First of all, if you suspect your heavy periods are causing anemia, you should talk to your doctor. They can work with you to establish the underlying cause and come up with a plan to treat the problem.
If you’re experiencing severe anemia, you’re likely to be given an intravenous iron infusion. Depending on the severity of your anemia as well as any other diseases you have, your physician may decide to do a blood transfusion. They may also recommend you take an oral iron supplement. Increasing your iron intake helps your body make more red blood cells to replace those lost. Your doctor might also encourage you to eat more iron-rich foods. They may also check you for vitamin B-12 deficiency, especially if you’re vegetarian or vegan, which places you at higher risk for deficiency.
However, ultimately, your doctor will want to address the underlying cause of your heavy periods, if there is one. This means treating you for any condition that is causing or influencing them, such as endometriosis. If you’re using an IUD and it is causing anemia, you may need to switch to a different means of contraception.
If you’re not using contraception and not trying to get pregnant, your doctor may recommend you use hormonal contraceptives. These can make your periods more regular and generally lighten bleeding.
Not always. However, if you’re menstruating, it’s a good idea to ensure that your diet contains sufficient iron and B12. While most people only lose a small amount of blood during their menstrual period, your body does need to replenish that and benefits from extra building tools. However, it’s important that you avoid taking high amounts of iron supplements without talking to your doctor, as you can “over-supplement”.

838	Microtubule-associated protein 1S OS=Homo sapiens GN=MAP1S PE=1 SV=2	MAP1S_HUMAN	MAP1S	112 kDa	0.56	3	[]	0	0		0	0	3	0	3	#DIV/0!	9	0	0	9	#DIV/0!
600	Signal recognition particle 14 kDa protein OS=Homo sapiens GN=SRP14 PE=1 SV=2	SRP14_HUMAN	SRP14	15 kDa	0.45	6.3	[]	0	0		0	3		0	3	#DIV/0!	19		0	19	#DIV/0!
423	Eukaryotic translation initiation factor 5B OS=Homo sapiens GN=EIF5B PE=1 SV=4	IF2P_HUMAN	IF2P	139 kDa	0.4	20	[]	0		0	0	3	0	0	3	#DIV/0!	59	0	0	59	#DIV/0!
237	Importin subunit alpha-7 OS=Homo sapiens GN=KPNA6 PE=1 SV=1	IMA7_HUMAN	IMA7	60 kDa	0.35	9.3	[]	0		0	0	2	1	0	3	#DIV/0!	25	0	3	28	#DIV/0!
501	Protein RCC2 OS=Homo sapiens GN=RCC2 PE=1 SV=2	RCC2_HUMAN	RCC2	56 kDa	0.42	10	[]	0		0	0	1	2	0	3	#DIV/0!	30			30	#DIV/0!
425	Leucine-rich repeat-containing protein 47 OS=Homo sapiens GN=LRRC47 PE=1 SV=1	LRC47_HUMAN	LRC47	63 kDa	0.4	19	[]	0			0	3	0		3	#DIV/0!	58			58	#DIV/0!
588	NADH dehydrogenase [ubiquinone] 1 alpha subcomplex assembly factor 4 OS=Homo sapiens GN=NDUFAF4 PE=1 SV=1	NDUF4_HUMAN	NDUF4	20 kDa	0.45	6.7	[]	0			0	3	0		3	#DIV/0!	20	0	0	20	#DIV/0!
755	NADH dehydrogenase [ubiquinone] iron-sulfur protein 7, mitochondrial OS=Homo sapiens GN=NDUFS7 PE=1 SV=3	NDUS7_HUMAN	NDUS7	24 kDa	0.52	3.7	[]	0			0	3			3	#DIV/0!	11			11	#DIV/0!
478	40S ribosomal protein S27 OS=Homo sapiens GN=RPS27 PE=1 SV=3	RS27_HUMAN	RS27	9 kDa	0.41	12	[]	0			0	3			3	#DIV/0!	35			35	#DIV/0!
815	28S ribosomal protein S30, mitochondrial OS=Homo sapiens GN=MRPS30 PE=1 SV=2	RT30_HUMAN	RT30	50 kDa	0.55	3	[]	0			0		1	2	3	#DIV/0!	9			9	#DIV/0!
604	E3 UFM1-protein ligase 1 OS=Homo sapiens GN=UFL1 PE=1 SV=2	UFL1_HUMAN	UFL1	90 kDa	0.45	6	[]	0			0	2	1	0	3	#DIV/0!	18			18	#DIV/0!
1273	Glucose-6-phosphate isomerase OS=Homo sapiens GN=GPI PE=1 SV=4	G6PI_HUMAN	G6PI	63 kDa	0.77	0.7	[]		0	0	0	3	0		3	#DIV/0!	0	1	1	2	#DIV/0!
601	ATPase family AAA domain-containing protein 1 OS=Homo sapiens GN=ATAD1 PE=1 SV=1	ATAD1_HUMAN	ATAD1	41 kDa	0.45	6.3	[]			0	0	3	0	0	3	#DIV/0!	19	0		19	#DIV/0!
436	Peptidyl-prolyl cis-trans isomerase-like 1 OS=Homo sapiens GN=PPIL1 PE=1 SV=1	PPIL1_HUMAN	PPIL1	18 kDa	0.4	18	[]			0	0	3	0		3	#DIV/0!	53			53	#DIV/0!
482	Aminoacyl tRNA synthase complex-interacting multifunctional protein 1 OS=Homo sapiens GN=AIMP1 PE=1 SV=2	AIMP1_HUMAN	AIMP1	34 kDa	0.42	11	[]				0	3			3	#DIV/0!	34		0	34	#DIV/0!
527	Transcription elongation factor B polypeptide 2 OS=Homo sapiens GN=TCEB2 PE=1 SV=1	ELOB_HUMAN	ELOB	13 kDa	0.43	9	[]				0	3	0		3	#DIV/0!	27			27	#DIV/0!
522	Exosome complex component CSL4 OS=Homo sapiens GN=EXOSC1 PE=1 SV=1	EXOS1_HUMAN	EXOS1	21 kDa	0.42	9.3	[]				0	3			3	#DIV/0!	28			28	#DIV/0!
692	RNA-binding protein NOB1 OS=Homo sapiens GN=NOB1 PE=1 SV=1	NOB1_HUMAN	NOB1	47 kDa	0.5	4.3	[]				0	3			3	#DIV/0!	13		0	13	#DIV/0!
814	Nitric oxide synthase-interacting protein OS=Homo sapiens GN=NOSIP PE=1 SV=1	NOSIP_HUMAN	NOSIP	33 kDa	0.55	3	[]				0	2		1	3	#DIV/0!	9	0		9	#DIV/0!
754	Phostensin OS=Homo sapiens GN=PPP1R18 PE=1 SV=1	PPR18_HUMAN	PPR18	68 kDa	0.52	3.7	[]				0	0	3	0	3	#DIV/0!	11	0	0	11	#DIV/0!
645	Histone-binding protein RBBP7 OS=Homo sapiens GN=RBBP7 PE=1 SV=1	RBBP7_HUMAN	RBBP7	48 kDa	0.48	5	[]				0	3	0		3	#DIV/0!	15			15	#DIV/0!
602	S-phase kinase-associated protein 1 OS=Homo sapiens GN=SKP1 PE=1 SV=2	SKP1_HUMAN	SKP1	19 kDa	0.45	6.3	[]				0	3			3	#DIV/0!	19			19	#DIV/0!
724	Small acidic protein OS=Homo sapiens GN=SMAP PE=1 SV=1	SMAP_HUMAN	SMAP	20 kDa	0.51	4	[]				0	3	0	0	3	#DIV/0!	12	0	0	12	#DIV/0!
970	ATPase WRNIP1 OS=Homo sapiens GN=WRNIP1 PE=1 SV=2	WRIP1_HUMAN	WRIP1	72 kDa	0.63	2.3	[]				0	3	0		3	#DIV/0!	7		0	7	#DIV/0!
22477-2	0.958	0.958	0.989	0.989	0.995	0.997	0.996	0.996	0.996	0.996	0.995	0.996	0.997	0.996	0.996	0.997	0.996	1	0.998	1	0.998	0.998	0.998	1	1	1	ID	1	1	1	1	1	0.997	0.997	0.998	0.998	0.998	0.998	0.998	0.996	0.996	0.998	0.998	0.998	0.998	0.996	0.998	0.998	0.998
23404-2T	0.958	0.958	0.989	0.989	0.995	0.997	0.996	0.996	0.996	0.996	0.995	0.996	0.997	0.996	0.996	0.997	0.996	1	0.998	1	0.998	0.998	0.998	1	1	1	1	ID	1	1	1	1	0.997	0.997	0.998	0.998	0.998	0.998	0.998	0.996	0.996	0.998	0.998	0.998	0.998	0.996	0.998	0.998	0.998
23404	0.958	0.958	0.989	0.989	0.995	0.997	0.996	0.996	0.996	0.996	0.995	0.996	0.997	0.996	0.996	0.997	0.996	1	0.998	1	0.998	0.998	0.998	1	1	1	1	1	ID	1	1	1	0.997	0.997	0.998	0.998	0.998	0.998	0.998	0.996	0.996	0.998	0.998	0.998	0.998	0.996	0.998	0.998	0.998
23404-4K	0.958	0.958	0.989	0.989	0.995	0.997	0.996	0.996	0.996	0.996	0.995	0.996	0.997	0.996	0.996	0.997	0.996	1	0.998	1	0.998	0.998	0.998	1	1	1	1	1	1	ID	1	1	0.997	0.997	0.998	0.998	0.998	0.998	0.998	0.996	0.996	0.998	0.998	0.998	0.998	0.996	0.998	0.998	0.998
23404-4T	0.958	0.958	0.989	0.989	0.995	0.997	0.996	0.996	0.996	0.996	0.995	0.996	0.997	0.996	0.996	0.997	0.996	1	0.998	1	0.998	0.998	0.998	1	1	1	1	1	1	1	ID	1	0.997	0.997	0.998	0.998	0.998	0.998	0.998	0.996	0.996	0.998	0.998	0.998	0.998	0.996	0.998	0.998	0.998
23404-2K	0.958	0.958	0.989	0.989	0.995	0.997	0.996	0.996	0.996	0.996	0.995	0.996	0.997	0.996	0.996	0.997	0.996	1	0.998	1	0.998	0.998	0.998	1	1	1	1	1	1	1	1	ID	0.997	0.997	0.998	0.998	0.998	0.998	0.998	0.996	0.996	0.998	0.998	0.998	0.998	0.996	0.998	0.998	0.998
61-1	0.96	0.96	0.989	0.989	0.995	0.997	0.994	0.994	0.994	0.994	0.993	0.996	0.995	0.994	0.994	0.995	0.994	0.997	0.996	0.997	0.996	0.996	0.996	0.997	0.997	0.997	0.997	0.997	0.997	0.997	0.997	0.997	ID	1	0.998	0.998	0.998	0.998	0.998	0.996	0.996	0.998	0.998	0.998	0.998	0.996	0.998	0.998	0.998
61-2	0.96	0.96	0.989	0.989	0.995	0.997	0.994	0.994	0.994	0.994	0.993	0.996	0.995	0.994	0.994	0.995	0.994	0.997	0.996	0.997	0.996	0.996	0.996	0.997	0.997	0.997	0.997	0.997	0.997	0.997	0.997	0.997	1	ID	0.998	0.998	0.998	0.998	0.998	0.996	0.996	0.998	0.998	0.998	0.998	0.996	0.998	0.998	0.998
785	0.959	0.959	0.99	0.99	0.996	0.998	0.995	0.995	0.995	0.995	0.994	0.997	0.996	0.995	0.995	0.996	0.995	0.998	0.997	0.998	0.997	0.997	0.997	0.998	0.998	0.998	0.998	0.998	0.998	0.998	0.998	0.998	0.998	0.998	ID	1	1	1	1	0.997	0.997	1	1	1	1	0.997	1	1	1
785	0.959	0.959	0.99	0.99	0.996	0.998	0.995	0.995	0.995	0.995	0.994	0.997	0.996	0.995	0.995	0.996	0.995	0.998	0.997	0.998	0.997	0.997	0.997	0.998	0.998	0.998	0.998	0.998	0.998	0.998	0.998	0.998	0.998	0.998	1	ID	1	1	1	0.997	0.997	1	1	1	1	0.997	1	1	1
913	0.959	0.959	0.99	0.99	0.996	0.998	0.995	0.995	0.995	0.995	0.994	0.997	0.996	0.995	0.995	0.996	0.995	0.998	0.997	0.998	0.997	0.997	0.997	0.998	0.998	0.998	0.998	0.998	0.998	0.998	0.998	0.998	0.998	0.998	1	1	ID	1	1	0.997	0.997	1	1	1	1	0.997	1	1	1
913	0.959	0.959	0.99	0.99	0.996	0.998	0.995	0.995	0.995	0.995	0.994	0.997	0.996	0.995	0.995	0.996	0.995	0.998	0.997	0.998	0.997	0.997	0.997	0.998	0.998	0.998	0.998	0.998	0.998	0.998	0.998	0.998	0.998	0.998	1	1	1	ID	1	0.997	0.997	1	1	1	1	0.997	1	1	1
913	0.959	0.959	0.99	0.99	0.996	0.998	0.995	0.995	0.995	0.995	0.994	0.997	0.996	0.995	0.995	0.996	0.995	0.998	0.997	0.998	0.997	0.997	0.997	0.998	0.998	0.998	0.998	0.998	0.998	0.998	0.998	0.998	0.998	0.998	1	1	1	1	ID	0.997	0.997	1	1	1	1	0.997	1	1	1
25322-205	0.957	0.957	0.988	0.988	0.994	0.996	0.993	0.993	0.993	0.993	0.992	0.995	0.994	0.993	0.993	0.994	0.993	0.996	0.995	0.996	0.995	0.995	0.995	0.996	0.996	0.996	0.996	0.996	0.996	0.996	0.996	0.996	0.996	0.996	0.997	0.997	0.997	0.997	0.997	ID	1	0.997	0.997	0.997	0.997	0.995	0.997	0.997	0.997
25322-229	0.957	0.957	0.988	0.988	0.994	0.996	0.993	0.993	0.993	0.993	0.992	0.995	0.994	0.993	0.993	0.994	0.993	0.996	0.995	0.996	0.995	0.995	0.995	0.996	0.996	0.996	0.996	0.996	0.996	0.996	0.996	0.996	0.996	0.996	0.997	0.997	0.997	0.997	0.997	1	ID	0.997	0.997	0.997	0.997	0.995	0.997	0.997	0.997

Leading an overall healthy lifestyle with a healthy, well-balanced diet can help you prevent anemia from all causes.
Heavy periods are not normal, especially once your cycle has settled after menarche. It’s best to talk to a doctor about your heavy periods and get their recommendation on what to do, as well as get tested for reproductive system abnormalities that might be causing them. Treating these conditions early can help you manage them better and improve your chances of having children.
If you have any symptoms of anemia, it’s important to talk to your doctor immediately. Severe anemia is a medical emergency that may necessitate a blood transfusion.
Anemia is easily treatable, and you don't have to live with heavy periods that cause it, as well as other inconveniences such as having to frequently change tampons.
An unusually heavy menstrual period can lead to anemia. This is treatable but may indicate an underlying condition that needs addressing, such as endometriosis or a bleeding disorder.
It’s important to talk to your doctor about heavy periods and watch out for symptoms of anemia. Eating a healthy diet can help, and for many people, relief can be had through the use of oral contraceptives.
The symptoms of anemia include cold hands and feet, shortness of breath, fatigue, and headaches. Consult your physician if you’re experiencing these or other unusual symptoms.
Your doctor may recommend taking an iron supplement or increasing the amount of iron-rich foods in your diet while on your period.
What is anemia? | National Heart, Lung, and Blood Institute